When the Moroccan artist Hallima Imane Zoubai was a child, she used to play in the carpet factory that her aunts worked in. She sat by them as they worked, learning how to make knots and running her fingers through the threads. She was especially fascinated by the gridded carpet plans that her aunts followed, from which they transposed the abstract shapes of diamonds and triangles into woven textiles.
“I had the idea that the carpets were a musical image,” says Zoubai, who performed at an event in Liverpool last month. “And that they were a map of the landscape – of the mountains and the soil and the grain. I imagined the plans like a partition. The women were looking at them to guide the weaving, and the weaving itself was a kind of music.”
Zoubai left her home city, Fez, for art school in Tetouan, where she continued to question how sound might be pictured as a visual rhythm. She looked to Wassily Kandinsky and Paul Klee’s paintings inspired by the subject, particularly as the two modernist artists themselves travelled to North Africa and were influenced by its use of abstraction.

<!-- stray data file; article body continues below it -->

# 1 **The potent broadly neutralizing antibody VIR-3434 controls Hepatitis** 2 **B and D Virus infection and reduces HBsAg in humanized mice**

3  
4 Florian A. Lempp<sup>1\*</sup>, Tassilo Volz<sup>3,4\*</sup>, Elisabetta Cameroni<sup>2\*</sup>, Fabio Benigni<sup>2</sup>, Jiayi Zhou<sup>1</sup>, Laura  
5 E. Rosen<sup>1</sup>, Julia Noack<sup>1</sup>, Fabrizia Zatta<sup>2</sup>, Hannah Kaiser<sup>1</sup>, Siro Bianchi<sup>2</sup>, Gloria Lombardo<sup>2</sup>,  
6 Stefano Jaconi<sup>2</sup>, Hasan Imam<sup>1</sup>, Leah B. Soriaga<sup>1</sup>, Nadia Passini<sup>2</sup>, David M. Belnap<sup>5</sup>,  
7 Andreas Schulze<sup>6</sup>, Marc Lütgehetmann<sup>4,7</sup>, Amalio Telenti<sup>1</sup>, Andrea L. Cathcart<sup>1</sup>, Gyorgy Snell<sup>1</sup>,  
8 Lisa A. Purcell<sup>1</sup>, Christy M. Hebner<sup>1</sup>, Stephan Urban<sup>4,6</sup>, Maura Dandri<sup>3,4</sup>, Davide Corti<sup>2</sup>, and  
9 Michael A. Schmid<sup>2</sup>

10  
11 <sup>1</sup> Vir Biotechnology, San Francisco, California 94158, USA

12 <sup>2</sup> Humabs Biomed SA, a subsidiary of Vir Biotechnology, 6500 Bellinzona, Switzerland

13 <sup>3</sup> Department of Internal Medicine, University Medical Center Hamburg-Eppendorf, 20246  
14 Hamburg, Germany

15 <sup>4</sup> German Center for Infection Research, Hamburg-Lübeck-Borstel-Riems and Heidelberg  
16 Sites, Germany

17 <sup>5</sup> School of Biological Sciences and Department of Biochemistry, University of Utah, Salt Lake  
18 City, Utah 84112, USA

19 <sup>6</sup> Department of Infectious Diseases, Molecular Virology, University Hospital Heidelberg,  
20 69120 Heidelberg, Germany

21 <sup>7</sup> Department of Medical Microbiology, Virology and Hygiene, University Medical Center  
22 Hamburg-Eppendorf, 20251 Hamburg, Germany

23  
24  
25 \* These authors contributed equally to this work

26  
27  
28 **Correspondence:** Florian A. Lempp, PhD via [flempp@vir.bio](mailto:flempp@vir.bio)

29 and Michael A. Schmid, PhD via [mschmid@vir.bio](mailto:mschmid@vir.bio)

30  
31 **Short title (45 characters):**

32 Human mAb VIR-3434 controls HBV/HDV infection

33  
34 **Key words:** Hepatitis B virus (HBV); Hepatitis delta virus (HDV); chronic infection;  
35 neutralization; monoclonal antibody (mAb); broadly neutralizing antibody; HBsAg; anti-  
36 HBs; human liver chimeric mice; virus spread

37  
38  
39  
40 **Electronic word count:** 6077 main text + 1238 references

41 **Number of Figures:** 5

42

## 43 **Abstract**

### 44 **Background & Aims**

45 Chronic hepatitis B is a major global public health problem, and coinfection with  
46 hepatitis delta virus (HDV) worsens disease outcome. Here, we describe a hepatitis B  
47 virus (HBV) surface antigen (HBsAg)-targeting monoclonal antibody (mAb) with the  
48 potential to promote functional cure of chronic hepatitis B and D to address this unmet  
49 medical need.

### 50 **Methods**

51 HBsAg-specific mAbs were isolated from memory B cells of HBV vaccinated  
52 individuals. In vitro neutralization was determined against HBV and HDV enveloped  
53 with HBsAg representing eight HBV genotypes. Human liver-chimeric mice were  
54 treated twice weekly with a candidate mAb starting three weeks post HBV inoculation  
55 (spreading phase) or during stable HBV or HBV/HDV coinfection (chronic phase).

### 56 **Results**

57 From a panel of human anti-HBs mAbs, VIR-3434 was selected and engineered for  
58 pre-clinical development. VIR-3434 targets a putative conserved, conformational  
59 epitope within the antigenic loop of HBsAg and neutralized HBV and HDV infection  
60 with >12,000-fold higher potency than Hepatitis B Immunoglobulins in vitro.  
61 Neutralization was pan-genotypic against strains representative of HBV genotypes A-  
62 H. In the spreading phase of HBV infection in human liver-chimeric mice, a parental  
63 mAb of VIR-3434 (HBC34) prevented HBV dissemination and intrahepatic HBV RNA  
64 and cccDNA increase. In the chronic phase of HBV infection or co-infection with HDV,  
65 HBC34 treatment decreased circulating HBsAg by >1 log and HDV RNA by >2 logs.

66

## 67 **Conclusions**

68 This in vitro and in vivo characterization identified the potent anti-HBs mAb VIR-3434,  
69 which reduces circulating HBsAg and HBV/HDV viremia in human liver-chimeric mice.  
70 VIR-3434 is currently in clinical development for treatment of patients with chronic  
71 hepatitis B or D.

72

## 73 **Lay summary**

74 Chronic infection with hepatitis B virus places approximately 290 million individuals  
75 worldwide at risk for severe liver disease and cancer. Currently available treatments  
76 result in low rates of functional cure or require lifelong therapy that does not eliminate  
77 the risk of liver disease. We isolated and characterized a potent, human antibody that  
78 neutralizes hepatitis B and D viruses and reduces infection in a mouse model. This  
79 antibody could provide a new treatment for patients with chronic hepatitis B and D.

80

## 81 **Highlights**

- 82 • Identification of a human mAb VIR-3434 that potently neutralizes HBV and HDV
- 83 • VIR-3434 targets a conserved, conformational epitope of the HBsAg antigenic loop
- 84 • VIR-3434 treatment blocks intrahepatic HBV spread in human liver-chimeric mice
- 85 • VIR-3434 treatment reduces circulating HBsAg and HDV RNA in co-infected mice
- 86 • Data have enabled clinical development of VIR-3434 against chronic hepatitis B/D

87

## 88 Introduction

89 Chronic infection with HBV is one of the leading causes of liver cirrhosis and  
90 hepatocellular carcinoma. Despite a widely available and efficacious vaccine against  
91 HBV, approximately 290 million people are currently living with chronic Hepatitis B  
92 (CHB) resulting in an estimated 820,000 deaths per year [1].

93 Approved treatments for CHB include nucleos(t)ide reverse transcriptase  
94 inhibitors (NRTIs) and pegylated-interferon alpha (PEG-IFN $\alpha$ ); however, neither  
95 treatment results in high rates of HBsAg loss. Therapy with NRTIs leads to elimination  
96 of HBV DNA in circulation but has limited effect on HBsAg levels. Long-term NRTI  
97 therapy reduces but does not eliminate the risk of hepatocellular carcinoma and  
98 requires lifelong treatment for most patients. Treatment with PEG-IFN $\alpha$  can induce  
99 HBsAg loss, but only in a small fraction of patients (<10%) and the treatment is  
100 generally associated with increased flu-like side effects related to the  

But she eventually realised she was looking for something that didn’t exist in their work. She was looking for music as a key to the land around her.
“Always, somewhere deep in myself, I could see a place or feel a person as I listened to music,” she says. “It makes music very important to me: the part that is related to memory, and especially a memory of spaces.
"For example, if I hear Yemeni music, I automatically think of the desert. There are so many gestures in the oud, in the poetry, that you feel that you are in an open space, where you might be looking for the shade, as the melody and rhythm come together.”
Zoubai, whose father was a musician, began researching music’s connection to the land in a literal sense: the way that many rural Moroccan songs, known as aita, originated from agricultural contexts, and how even love songs and hymns of celebration have strong nature metaphors.
Harvest songs punctuated the reaping of fruits and vegetables from the soil, buoying farmers’ spirits while they worked. Other songs were inspired by the movement or calls of animals. In cities, songs developed from the rhythm of craftsmen, such as that of leather workers beating their calfskin to make it smooth. These sources remain legible in the songs’ rhythm, gesture, and the lyrics, whether they are sung – as they still are – among the craftsmen of the inner medinas of old Moroccan towns or by professional singers at events or on the radio.